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Narrative of a Journey in South America, ports of strangers. Within this is an open space before reaching the town, which we entered about six o'clock. After passing the first rows of houses, I was struck with the neatness and regularity of most of the streets, which were well paved, and far superior to any thing I had yet seen in the West Indies. In the principal Posada, or inn, kept by a Genoese, I found every accommodation that could be here reasonably expected; and indeed, for some days, the constant sensation of refreshing coolness in the mornings and evenings, as well as throughout the night, was of itself a luxury which seemed to have all the charms of'novelty, and left no room for pelly complaints.
Santiago de Leon de Caracas, the capital of the whole captain generalship of Caracas, is situated in long. 66° 46' west, and lat. 10° 30' north, at an elevation of nearly 2000 feet above the level of the sea. The valley to wards the head of which it is placed extends nearly east and west more than twenty miles, and varies in breadth from four to six or seven It narrows towards the west, where it is almost entirely shut in by bills, which along the south side of the valley rise by gradations above each other.
Those on the north side, on the contrary, form one bold and continued range, separating the valley from the coast, and rising at one point, called the Peak of La Silla, or the Saddle, to a height of more than eight thousand four bundred English feet above the level of the sea. It is close at the foot of this northern side that the town is placed. The ground on which it stands slopes regularly down to the Guayra, a small river which bounds it on the south, and with which three other streams afterwards unite and run through the whole valley in one channel. Although called a river, it would, in North America, be considered as no more than a brook, being every where fordable near the lown, except after heavy rains, when it runs with great rapidity, but subsides almost as suddenly as it rises. Of the three streams which join the Guayra, the Catucho is the most useful to the inhabitants, as from it they derive the principal supply of waler for the public fountains, of which there are several; as also for private houses, many of which are furnished with pipes and reservoirs. Besides its inclination to the south, the ground slopes also to the east, and is consequently, upon the whole, extremely well calculated for contributing to the health and convenience of a large town. After a heavy shower of rain every street pours a muddy torrent into the Guayra, or the Anau.o; but in a few minutes all is again dry, and we find the whole town suddenly rendered cleaner than could be effected by the ulmost ja hour in any other not similarly situated. The streets are in general about a hundred yards agait, and as they intersect each other at right angles, the whole town is by this means divided into square portions, called quadras. When one of these is lefi unoccupied by houses, there remains of course a plaza, or open square, occupying the same space as the quadra. This construction is abundantly simple, and is perhaps the best that can be adopted for a large lown, where the nature of the ground admits of it. It is upon a similar plan that Philadelphia is built; but the want of open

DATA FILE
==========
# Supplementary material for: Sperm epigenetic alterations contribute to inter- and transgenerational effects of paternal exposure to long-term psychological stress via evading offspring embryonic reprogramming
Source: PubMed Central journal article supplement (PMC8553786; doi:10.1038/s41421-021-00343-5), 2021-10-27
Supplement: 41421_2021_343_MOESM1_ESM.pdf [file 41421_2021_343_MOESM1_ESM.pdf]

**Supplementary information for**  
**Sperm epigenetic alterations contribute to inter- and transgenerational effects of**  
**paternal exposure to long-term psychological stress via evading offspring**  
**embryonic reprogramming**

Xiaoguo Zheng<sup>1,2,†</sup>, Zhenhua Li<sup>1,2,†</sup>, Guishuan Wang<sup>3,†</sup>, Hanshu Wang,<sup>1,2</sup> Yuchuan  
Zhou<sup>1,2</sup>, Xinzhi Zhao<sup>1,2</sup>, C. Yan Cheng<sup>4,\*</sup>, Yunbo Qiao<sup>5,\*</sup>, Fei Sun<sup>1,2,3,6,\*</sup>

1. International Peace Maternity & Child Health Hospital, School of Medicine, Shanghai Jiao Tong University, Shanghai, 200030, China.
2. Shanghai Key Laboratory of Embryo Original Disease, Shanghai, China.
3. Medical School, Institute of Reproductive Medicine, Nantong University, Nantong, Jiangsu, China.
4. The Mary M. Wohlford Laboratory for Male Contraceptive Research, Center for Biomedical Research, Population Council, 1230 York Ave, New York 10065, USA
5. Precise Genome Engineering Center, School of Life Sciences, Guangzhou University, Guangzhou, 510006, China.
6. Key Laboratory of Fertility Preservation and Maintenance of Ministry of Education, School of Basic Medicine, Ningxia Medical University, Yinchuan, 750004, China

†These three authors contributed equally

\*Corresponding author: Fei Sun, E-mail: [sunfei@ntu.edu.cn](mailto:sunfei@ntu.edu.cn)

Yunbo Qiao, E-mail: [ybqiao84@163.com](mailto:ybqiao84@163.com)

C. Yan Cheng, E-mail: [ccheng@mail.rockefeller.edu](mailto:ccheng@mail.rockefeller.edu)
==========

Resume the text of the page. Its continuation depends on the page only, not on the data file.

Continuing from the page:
Narrative of a Journey in South America. squares renders that otherwise beautiful city somewhat loo dull and uniform.
There are several squares in Caracas; but none of them worthy of notice, except the Plaza Mayor, or great square, where the market for fruits, vegetables, fish, and other smaller articles, is held. The east side is principally occupied by the cathedral, the south by the college, and the west by by the public prison. Williin these is, as it were, another square, formed principaily by sanges of low shops, which, however convenien in a commercial point of view, entirely disfigure the whole. The principal fountain discharges itself in the middle of the north side. In this square may be seen the fruits which we have been accustomed to consider as peculiar to very different climates all brought from the distance of a few leagues. The banana, the pine apple, and the sapadillo, are mingled with the apple, the pear, and the chesnut. The potatoe and the plantain, fresh provisions which seem to belong to the temperate zones, and those kinds of fish which are peculiar to tropical seas, are here offered for sale on the same spot.
The cathedral of Caracas is heavily built, and the interior construction is badly planned; as, during the celebration of mass, a great proportion of the number of people which the church is capable of holding cannot see the priest ; a most essential point where the ceremony constitutes so essena tial a part of the devotion. The length of the cathedral is about ninety yards, by twentù-seven in breadth. It is supported by twenty-four pillars, without beauty or proportion; but its brick steeple contains the only public clock in the town, and may thus compensate by its utility for what it wants in elegance.